MENLO PARK, Calif., Nov. 12 /PRNewswire/ -- Baby boomers and Generation
Y (broadly defined as those born between 1979 and 1999) may have less of a
generation gap than one might assume. New research from Robert Half
International and Yahoo! HotJobs reveals that Millennials share many of the
same concerns as more tenured workers when it comes to saving for
retirement, finding a solid healthcare plan and achieving work-life
balance. However, Millennials aren't concerned only with the benefits their
employers provide. They also expect a lot from their company leaders and
look to them as partners in success and job satisfaction.
In a just-released guide, What Millennial Workers Want: How to Attract
and Retain Gen Y Employees, Robert Half International and Yahoo! HotJobs
examine the professional priorities of the most senior members of
Generation Y - those who have already started a career or will soon start
one. More than 1,000 adults ages 21 to 28 were polled for the project.
"The research depicts a pragmatic, future-oriented generation that
holds many of the same values as its predecessors," said Reesa Staten,
senior vice president and director of workplace research for Robert Half
International. "Yet, certain distinctive qualities, such as a desire for
very frequent feedback from their managers, are unique to this generation.
Generation Y expects a lot of its leaders. Making sure supervisors of Gen Y
professionals have supportive management styles can go a long way in
attracting and retaining these workers, who will play a greater role in
organizations as more baby boomers retire."
Big expectations of company leaders
Survey respondents rated working with a boss they respect and can learn
from as the most important aspect of their work environment, ahead of
having a nice office space, a short commute or working for a socially
responsible company. Those surveyed also indicated that they expect more
"face time" from their supervisors than a weekly status meeting. The
majority of Gen Yers (60 percent) want to hear from their managers at least
once a day.
Redefining a successful future
Most survey respondents appeared optimistic about the future, but this
isn't a group whose idealism overshadows practical concerns, according to
the study. When evaluating job opportunities, for example, the research
shows that salary, benefits and room for professional growth are top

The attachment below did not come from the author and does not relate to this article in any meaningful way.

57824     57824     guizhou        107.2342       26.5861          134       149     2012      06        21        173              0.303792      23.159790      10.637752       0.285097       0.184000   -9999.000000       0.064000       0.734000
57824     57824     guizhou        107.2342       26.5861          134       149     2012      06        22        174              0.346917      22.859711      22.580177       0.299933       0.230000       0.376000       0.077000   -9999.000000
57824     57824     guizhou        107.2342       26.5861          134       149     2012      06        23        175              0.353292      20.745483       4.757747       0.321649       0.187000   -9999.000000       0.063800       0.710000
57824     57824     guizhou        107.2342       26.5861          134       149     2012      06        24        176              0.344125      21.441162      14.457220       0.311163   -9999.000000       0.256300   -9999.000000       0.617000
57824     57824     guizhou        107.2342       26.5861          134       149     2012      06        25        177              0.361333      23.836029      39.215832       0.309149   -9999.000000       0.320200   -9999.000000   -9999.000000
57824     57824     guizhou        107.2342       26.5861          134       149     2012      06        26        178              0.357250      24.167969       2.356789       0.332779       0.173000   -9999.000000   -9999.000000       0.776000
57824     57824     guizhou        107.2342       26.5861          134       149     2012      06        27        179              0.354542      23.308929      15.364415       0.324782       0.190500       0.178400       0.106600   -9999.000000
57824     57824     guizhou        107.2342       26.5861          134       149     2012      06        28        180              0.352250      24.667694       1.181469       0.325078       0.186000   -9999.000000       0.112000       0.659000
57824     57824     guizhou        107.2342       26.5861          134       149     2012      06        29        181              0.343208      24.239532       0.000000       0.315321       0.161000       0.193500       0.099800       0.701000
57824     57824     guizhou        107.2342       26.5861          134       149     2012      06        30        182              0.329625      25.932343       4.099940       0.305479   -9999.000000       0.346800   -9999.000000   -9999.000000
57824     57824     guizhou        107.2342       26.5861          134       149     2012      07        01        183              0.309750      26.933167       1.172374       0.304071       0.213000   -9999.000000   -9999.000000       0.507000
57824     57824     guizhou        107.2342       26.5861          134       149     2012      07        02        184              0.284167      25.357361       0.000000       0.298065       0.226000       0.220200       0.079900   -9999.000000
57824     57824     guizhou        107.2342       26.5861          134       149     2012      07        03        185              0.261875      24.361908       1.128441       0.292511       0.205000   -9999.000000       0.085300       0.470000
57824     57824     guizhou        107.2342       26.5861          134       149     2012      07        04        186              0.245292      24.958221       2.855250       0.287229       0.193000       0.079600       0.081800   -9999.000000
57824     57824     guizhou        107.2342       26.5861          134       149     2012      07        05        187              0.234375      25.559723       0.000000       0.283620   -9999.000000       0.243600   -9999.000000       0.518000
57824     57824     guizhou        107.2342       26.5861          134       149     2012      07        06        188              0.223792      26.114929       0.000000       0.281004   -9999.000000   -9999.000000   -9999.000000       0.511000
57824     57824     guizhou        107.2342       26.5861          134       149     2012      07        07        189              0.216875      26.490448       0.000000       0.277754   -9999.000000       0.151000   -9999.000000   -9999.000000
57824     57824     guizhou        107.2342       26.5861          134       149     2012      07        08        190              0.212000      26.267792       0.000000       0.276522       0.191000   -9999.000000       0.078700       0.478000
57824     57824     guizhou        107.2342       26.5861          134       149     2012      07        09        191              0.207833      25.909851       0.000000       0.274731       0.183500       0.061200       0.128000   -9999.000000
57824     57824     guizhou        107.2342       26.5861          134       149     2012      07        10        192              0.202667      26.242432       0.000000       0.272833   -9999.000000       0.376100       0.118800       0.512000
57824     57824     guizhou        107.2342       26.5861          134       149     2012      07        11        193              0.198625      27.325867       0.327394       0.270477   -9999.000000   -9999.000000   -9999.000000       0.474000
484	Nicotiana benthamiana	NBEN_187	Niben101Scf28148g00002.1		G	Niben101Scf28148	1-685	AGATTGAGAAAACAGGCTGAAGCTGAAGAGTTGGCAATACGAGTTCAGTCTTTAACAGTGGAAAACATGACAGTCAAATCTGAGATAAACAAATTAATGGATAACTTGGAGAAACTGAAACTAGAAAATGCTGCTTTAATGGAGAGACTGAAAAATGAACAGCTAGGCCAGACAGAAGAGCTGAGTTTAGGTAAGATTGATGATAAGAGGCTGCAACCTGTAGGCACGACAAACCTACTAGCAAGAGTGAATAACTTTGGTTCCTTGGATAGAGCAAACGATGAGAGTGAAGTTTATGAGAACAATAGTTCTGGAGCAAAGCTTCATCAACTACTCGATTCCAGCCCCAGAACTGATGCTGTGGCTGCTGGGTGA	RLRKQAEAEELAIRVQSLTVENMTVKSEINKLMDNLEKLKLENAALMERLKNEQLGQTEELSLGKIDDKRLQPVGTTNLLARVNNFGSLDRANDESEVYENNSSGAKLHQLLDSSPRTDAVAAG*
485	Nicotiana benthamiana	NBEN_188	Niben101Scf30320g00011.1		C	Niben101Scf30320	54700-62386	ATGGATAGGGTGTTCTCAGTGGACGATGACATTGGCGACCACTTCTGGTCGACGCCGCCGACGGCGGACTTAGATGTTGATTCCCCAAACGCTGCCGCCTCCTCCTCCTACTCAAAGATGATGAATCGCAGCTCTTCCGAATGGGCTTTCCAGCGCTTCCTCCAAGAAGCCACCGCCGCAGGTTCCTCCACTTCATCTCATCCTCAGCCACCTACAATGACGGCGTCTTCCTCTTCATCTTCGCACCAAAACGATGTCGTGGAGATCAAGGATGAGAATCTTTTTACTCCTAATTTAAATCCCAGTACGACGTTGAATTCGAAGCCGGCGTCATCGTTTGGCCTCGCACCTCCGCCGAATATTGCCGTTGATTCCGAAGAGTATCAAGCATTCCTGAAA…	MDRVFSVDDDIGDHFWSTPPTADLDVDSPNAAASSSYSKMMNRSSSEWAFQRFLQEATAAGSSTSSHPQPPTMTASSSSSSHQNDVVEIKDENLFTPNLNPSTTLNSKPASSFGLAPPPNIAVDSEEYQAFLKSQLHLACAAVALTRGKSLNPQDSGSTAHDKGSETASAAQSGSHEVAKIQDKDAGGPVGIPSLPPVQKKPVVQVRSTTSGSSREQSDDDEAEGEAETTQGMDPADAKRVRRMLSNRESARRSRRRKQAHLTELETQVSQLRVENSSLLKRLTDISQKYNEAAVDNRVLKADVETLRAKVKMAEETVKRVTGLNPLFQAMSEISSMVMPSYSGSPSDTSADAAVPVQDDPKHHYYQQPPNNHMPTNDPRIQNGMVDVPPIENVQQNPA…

concerns for this group. While 46 percent of Gen Yers consider their career
prospects better than previous generations, many respondents feel they also
will have to save more money for retirement and study harder than
generations past. In fact, nearly three out of four (73 percent) Gen Yers
surveyed said they will likely go back to school to obtain another academic
degree or certification.
A corner office or impressive job title doesn't equal success for Gen
Y, the survey results suggest. In fact, respondents ranked "a more
prestigious job title" last among seven factors that would prompt them to
leave their current positions. Opportunities for professional growth and
advancement rated a greater career priority, the research shows.
Keeping their options open
Like most employees, Gen Yers crave challenge on the job. The top
factors that would tempt Gen Yers to look for greener pastures are added
pay and benefits, opportunities for advancement, and more interesting work.
Even firms that provide some of these incentives may not be able to keep
Gen Y staff members for the long term. Four out of 10 respondents said they
plan to stay at their job up to two years; only one in five foresees
staying at his/her current job six years or longer.
"Millennials never stop marketing themselves," said Tom Musbach,
managing editor, Yahoo! HotJobs. "This means companies must constantly be
in recruiting mode with current employees."
The survey was conducted in the second quarter of 2007 by an
independent research firm. It includes a total of 1,007 web interviews of
people 21 to 28 years old who are employed full-time or part-time, and have
college degrees or are currently attending college. Among those surveyed,
505 were males, and 502 were females.
About Robert Half International
Robert Half International is the world's first and largest specialized
staffing firm with more than 350 staffing locations in North America, South
America, Europe and the Asia-Pacific region. The company's professional
staffing divisions include Accountemps(R), Robert Half(R) Finance &
Accounting, and Robert Half(R) Management Resources, for temporary,
full-time and senior-level project professionals, respectively, in the
fields of accounting and finance; OfficeTeam(R), for highly skilled
temporary office support; Robert Half(R) Technology, for information
technology professionals; Robert Half(R) Legal, for project and full-time
staffing of attorneys, paralegals and legal support personnel; and The
Creative Group(R), for creative, advertising, marketing and web design
professionals. For more information about the specialized staffing and
recruitment divisions of Robert Half International, visit
About Yahoo! HotJobs
Yahoo! HotJobs (http://hotjobs.yahoo.com) is the fastest growing Web
site among the leading job boards, with +43.3 percent traffic growth during
January - September 2007, versus 2006 (comScore Media Mextrix). As a leader
in the online recruiting industry, Yahoo! HotJobs has revolutionized the
way people manage their careers and the way companies hire talent.
SOURCE Robert Half International